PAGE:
The confidently handsome post-Civil War rowhouses on the 1500 block of Christian Street are reminders of the upper middle-class Philadelphians who built and lived in them. While unostentatious in style, what was nicknamed “Doctors’ Row” has an extraordinary history: its late nineteenth and early twentieth century residents were among the leaders of Black Philadelphia.
As Inga Saffron has warned us, this intact piece of our neglected African American history is at risk. Except for the house of the pioneering Black architect Julian Abele (1515 Christian), the row is unprotected by the city’s historic preservation laws. And a developer has begun to demolish 1513, the east side neighbor of the Abele house, and replace it with the kind of contemporary, bay-windowed, multi-colored condo architecture that has become the dreary norm in gentrifying neighborhoods. (See: https://www.inquirer.com/real-estate/inga-saffron/julian-abele-black-architect-philadelphia-graduate-hospital-tear-down-historic-stamm-christian-street-20201223.html)
We therefore welcome the call by the Inquirer editorial board for a short-term moratorium to prevent further demolition in this neighborhood, giving time for the Historical Commission to provide permanent protection. (See https://fusion.inquirer.com/opinion/editorials/black-philadelphia-neighborhood-historic-preservation-gentrification-20210101.html)
We urge City Council to heed the Inquirer’s call. But that’s not enough to protect this neighborhood from what’s already happening at 1513, where interior demolition has begun. We challenge the developers to do better. The disrespectful design that is proposed is perfectly legal, but a much better solution is within reach. The condos could be built behind the historic façade, or inside a new building that echoes the colors and cadence of its neighbors. We call for such a better solution today, while we wait for permanent, official protection for Doctors Row other important sites of Black history.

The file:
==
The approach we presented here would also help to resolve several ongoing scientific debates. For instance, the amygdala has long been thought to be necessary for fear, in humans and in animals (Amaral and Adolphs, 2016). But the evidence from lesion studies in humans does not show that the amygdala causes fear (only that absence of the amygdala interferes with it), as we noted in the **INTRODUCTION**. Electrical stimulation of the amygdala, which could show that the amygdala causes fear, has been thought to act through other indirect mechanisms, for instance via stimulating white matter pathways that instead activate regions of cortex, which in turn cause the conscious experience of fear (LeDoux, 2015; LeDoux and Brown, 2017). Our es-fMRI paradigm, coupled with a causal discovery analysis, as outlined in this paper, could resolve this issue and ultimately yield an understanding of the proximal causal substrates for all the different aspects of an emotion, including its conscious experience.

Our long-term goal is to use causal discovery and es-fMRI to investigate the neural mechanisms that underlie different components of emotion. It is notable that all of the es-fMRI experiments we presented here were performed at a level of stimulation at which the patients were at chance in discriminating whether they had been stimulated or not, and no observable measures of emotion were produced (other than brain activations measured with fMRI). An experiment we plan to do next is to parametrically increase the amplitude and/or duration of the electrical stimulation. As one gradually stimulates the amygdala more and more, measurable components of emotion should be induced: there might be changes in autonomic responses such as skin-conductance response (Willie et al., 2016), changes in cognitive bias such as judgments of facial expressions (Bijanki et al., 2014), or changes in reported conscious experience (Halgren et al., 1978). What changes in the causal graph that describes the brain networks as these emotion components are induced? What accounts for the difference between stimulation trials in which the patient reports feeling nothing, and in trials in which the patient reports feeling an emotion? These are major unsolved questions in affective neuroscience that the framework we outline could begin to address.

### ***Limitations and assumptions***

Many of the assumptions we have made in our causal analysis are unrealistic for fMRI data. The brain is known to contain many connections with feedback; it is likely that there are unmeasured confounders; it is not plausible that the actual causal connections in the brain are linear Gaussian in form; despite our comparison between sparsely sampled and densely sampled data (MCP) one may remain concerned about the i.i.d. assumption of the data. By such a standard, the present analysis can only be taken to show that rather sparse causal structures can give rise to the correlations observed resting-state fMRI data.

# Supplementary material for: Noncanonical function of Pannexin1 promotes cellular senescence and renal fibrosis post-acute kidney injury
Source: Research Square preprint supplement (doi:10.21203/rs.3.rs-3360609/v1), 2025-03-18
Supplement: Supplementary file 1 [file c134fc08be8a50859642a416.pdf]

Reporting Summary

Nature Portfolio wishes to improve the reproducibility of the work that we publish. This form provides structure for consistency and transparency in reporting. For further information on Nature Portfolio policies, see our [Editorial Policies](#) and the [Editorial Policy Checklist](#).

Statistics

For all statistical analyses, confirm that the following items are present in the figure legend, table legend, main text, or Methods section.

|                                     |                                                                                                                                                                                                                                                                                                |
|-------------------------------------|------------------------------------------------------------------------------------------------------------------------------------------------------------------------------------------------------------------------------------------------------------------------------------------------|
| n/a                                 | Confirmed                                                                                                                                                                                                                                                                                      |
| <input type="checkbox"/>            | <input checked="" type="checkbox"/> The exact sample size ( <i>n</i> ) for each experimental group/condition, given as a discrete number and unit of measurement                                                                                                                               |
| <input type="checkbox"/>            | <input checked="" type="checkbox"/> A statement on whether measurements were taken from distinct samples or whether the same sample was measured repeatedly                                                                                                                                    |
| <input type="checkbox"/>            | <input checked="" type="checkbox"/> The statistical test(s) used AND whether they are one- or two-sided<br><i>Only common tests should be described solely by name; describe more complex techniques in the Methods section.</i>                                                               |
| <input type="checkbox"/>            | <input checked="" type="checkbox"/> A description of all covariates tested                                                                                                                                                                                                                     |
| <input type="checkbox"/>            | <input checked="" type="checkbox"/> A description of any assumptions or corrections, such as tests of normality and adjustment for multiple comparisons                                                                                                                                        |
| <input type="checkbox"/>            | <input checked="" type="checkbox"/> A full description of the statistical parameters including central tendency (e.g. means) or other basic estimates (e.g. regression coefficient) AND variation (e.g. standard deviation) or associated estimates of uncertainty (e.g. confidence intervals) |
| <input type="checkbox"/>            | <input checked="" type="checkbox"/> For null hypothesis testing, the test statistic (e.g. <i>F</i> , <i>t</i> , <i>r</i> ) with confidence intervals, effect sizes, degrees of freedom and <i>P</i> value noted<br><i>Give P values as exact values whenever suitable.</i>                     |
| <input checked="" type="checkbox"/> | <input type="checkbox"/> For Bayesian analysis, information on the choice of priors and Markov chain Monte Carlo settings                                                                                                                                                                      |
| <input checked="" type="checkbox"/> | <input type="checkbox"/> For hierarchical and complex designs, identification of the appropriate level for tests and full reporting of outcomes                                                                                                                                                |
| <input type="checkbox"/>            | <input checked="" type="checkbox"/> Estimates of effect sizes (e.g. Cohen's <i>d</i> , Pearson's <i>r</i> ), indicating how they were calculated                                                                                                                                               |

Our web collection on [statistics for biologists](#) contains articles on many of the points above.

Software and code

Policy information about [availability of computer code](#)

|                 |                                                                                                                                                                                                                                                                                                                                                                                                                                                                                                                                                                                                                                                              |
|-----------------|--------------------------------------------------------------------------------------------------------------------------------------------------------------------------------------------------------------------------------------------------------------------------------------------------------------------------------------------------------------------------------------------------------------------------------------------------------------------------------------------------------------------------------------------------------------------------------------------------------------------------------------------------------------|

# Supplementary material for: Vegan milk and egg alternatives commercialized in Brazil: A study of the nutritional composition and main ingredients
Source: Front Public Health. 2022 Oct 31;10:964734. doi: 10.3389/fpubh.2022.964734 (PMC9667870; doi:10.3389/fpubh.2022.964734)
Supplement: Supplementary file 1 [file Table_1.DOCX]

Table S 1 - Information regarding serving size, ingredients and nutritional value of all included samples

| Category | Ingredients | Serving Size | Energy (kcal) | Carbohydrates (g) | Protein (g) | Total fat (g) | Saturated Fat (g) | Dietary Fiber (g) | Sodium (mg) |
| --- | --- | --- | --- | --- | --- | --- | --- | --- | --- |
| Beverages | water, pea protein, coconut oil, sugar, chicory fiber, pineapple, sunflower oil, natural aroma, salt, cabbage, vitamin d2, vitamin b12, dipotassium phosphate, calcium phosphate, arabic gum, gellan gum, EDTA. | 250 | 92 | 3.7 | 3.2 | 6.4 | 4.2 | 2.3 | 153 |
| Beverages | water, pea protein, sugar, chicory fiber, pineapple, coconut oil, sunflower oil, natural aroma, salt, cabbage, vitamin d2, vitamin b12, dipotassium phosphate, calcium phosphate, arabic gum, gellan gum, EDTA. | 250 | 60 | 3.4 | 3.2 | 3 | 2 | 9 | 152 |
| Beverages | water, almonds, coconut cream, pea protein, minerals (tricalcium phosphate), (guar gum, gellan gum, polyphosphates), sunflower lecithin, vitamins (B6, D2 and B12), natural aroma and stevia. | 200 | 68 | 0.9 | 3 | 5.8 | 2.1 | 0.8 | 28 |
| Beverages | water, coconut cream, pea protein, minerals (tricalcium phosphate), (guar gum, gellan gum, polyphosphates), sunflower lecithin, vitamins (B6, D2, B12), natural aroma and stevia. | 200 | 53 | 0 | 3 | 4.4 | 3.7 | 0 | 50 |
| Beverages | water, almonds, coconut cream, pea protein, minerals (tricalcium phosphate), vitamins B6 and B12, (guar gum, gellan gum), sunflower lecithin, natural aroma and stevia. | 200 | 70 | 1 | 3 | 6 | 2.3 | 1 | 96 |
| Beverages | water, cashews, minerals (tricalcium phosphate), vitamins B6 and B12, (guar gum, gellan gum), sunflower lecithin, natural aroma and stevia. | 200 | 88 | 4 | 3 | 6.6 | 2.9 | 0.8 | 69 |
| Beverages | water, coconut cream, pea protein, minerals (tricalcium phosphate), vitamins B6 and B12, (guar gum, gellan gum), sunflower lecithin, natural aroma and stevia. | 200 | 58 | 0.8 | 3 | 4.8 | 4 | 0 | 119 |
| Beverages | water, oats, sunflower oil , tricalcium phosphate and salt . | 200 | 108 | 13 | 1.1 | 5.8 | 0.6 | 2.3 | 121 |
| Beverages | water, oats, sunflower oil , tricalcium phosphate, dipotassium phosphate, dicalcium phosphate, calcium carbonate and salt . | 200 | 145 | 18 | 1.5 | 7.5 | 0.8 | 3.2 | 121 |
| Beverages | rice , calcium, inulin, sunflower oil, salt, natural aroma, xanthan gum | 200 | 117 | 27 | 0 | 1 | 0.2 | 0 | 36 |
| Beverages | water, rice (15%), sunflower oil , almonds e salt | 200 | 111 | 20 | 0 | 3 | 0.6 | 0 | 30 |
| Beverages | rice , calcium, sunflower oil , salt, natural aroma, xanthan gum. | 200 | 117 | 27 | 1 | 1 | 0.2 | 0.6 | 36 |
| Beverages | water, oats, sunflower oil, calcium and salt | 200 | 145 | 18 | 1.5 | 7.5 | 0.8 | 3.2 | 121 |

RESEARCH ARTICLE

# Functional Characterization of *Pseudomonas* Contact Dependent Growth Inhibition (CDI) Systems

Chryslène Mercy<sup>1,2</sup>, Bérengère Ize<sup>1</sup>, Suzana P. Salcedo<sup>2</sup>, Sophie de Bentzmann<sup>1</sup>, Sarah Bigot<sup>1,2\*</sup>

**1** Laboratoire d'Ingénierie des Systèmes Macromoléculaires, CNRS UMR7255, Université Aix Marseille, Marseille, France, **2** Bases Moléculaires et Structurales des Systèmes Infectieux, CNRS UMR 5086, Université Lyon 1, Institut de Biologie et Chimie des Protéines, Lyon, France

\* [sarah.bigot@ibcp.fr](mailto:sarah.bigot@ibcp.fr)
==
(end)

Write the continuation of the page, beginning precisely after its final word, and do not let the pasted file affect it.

While we’re at it, we also can’t wait for a long-term solution to protect the house and restaurant of abolitionist and star caterer Henry Minton at 204 South 12th Street. The developers of the generic 36-story residential tower planned for that site have agreed to pay for a replacement for the mural honoring LBGTQ activist Gloria Casarez that they have already painted over. That’s welcome news. But they should also preserve the distinctive 19th-century façade of the Minton house. That will make their project more attractive—and it’s the right thing. It’s a win-win.
A shortened version of this letter was published in the Inquirer on January 5th, 2021 in Letters to the Editor.